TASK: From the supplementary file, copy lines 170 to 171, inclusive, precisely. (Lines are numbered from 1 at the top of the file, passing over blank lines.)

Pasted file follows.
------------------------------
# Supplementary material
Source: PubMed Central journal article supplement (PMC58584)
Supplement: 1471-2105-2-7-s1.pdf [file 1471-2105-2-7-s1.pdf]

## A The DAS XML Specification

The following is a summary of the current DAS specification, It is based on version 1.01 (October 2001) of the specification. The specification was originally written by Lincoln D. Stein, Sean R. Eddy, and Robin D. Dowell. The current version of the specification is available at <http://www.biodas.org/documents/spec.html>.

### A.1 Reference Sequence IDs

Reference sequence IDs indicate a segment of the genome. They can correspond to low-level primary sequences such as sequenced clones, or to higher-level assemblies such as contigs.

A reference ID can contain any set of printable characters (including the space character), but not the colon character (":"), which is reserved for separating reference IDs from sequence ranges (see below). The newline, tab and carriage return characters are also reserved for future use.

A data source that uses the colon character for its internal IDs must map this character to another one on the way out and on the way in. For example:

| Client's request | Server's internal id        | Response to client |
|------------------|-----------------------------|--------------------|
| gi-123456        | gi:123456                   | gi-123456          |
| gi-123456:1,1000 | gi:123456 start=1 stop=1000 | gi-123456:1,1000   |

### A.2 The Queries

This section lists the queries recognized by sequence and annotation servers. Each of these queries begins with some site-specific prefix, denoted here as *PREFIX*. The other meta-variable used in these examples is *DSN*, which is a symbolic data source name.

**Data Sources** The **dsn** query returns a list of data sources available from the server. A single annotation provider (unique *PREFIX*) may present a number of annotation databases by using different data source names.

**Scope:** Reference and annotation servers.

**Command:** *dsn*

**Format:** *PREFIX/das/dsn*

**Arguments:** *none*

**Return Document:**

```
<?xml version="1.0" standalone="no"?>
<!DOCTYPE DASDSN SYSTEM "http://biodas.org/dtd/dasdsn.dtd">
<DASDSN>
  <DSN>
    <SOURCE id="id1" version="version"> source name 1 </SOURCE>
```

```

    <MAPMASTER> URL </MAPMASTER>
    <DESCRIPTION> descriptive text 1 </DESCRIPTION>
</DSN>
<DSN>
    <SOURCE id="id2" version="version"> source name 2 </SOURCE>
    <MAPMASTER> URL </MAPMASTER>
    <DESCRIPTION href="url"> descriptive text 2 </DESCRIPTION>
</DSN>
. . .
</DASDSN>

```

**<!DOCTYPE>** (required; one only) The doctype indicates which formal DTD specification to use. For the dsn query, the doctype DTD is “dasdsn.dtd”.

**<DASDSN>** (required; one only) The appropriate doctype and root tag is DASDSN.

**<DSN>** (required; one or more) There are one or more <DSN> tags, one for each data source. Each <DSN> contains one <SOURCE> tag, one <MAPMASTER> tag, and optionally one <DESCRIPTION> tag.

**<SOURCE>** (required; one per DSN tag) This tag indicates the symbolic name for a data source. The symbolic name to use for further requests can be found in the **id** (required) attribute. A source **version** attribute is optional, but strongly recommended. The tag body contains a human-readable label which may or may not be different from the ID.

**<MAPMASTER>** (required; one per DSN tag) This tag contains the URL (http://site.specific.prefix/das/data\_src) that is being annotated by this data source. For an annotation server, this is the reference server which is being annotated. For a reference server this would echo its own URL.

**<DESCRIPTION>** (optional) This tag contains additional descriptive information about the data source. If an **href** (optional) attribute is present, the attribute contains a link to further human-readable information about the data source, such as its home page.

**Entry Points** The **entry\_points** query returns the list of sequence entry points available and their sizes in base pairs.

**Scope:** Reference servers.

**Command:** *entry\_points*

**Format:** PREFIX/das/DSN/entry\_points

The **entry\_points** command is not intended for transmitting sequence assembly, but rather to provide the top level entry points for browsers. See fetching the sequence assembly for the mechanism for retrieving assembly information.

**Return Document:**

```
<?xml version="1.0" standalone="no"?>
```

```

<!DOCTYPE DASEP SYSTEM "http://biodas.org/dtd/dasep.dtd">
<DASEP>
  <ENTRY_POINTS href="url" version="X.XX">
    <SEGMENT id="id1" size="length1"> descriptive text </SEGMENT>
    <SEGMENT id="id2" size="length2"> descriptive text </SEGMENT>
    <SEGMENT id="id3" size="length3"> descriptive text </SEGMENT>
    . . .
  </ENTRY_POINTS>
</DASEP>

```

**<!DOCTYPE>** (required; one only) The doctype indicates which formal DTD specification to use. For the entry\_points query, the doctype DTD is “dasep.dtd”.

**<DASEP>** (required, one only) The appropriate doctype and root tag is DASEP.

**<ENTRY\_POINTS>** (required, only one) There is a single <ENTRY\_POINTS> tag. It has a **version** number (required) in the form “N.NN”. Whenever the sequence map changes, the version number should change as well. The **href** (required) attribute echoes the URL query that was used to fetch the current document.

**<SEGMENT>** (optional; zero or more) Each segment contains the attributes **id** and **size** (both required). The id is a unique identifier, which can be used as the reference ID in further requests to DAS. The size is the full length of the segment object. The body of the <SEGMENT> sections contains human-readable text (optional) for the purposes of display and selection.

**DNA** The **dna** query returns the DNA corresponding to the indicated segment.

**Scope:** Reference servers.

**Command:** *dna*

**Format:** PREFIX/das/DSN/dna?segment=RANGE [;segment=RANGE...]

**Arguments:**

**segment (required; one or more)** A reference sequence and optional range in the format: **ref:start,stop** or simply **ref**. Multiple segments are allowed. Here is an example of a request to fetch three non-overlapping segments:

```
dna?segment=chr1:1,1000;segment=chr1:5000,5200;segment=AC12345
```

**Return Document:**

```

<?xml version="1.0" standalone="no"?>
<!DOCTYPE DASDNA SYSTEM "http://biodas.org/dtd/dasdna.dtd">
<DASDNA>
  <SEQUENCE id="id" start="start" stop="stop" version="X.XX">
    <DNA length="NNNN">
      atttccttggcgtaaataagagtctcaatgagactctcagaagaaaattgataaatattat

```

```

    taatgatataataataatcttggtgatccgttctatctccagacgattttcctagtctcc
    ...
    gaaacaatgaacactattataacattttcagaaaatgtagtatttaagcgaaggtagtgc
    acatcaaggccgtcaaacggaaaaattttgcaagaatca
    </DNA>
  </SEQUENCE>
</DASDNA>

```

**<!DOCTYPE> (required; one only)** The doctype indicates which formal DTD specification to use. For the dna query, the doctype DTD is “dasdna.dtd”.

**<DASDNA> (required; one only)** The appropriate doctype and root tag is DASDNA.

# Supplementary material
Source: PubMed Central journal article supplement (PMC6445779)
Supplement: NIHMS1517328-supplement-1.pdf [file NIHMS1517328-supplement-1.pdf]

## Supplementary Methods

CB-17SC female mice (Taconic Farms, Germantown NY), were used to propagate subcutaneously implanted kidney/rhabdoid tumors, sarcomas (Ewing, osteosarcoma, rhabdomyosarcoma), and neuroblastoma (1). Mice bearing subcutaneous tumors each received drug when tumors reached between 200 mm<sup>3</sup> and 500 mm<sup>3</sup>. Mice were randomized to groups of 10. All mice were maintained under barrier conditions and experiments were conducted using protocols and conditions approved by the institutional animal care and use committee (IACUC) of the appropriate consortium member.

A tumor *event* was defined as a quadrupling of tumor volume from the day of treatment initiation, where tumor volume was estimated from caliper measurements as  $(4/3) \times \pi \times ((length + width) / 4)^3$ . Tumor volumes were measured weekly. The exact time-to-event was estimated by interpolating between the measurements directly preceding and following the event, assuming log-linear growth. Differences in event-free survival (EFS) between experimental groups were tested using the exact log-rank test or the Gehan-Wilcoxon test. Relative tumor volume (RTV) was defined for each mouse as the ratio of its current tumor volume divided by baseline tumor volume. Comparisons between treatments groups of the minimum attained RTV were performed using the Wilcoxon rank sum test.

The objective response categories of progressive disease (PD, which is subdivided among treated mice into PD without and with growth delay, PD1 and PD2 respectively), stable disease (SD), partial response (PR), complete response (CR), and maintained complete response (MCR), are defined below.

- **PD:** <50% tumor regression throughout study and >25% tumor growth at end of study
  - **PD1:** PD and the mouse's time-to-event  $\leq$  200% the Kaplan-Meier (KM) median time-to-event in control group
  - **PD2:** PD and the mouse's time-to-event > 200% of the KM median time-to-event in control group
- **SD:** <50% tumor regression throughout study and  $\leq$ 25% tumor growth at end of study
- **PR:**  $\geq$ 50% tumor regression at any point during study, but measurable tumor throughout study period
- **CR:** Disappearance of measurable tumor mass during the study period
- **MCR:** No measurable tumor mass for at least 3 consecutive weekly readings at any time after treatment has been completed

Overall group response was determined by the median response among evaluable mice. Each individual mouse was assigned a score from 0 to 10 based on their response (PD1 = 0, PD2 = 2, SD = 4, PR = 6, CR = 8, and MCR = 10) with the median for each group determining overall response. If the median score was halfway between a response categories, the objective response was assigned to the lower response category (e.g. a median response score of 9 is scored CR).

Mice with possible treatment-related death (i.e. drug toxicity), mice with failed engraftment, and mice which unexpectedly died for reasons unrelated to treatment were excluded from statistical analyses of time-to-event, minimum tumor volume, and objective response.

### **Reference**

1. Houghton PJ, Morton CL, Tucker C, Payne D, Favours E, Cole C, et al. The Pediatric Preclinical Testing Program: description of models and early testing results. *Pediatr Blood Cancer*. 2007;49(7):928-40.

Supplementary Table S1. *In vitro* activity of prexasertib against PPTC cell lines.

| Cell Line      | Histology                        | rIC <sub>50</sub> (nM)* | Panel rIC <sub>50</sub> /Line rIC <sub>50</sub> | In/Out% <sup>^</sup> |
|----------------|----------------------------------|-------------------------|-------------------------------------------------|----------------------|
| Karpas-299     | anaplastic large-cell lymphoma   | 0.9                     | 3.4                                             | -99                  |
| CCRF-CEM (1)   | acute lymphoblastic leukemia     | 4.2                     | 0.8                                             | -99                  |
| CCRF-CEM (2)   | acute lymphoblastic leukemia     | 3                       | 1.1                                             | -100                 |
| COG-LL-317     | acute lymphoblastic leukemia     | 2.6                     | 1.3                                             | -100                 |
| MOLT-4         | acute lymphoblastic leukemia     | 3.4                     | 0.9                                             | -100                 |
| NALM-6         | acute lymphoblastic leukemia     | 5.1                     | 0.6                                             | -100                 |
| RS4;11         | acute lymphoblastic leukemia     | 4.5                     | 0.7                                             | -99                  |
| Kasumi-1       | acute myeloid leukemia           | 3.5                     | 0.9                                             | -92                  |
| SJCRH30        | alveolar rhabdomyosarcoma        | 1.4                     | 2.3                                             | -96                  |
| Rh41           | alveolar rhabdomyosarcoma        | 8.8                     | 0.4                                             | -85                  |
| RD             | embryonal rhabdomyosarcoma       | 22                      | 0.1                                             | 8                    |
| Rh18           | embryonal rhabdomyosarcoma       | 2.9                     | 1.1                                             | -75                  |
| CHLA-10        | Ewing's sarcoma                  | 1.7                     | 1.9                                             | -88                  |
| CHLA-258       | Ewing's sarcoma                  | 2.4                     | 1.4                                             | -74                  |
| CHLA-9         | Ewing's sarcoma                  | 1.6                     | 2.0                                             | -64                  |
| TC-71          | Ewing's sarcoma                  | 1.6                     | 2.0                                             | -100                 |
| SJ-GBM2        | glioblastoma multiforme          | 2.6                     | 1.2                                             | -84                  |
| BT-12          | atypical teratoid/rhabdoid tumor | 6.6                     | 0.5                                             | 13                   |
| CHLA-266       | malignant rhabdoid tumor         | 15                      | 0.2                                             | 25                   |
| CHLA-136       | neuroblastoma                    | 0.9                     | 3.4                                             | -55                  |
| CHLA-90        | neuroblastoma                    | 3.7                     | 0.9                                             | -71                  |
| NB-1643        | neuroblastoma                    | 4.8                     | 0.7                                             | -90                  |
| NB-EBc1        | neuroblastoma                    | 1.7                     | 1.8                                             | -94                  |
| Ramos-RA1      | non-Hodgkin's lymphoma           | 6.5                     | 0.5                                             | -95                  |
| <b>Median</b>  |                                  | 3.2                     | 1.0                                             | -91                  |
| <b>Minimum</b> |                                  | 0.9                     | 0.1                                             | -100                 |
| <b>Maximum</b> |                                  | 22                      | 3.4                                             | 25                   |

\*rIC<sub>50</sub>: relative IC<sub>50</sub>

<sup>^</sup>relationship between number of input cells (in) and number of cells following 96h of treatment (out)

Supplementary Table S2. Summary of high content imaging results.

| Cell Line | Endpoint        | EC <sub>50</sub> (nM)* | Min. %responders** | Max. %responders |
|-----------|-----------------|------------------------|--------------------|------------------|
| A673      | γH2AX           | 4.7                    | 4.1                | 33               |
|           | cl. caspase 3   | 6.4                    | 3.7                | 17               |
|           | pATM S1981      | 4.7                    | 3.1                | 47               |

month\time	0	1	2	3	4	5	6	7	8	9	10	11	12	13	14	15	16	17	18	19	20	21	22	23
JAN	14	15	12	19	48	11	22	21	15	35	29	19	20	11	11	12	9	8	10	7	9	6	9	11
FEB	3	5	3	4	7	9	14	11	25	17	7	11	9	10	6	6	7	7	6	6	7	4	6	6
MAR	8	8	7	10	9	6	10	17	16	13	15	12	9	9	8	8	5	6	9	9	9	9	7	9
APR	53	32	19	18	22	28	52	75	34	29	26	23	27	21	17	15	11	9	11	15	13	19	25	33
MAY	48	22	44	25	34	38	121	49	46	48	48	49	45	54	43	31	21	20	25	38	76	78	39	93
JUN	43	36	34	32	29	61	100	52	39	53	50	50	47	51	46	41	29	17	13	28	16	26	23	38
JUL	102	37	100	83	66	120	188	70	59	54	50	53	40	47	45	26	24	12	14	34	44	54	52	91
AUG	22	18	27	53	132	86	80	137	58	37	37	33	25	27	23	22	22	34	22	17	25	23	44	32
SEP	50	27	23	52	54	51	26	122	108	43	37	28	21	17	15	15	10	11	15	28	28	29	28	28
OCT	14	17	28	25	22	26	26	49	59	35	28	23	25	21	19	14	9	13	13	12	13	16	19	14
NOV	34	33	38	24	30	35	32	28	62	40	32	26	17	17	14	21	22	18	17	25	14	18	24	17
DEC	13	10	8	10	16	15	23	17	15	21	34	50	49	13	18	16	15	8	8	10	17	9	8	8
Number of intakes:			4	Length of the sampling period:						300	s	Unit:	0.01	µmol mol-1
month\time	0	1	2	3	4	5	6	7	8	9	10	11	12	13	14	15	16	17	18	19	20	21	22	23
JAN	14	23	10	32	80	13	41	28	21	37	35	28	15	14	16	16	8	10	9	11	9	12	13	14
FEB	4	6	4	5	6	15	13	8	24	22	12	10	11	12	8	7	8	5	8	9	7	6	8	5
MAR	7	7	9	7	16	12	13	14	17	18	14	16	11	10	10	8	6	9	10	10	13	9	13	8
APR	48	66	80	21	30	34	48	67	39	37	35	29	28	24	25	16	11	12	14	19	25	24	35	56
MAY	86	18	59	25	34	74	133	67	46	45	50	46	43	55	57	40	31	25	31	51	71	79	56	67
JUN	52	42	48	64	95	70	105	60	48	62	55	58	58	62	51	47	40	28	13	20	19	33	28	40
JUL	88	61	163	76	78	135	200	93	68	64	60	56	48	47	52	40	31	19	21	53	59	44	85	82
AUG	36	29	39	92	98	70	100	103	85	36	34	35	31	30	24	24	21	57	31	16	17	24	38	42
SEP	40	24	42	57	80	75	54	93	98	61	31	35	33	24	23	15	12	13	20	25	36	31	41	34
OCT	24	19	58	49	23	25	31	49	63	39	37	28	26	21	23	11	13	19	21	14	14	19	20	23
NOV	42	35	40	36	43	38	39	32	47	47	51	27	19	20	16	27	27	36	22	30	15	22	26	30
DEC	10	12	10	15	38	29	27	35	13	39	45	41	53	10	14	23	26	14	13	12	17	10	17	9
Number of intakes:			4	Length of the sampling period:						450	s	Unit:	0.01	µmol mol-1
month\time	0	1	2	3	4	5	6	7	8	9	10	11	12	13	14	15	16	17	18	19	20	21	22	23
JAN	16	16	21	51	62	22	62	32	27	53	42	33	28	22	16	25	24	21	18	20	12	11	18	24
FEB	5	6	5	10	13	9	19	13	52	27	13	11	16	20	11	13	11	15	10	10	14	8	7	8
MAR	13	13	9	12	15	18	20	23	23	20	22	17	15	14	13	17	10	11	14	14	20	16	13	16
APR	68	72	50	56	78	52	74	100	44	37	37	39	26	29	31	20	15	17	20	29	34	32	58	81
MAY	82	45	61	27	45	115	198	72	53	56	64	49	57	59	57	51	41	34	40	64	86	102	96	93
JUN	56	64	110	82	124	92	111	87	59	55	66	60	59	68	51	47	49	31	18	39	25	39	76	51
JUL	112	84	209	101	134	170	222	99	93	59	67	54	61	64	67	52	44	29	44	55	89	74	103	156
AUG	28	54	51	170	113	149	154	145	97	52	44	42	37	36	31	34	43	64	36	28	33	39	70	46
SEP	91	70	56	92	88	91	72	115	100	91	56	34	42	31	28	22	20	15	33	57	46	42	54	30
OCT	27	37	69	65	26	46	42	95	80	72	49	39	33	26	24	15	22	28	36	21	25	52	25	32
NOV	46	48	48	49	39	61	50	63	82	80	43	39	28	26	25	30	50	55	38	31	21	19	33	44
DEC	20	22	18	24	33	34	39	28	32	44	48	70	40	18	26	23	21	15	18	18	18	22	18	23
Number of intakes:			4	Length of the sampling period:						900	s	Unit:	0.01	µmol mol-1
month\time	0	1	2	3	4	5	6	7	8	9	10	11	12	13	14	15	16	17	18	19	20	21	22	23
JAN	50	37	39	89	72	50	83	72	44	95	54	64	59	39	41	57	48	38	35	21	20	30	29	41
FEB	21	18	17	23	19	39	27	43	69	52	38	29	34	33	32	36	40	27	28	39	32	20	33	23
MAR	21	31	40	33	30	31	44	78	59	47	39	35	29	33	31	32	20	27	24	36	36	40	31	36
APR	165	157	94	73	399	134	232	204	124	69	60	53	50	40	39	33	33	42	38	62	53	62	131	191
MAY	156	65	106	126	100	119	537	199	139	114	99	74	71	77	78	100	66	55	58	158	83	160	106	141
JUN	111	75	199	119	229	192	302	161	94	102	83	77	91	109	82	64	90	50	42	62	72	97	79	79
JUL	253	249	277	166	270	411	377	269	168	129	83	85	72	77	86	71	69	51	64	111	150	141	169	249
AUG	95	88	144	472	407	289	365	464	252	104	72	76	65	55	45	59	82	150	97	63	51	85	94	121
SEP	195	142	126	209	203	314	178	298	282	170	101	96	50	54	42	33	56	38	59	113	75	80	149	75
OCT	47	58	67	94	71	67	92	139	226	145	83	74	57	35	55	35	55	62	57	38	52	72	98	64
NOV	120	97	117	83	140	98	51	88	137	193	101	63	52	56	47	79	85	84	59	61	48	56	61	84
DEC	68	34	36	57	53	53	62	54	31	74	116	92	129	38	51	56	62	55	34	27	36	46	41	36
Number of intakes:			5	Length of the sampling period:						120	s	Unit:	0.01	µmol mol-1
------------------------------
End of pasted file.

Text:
month\time	0	1	2	3	4	5	6	7	8	9	10	11	12	13	14	15	16	17	18	19	20	21	22	23
JAN	14	23	10	32	80	13	41	28	21	37	35	28	15	14	16	16	8	10	9	11	9	12	13	14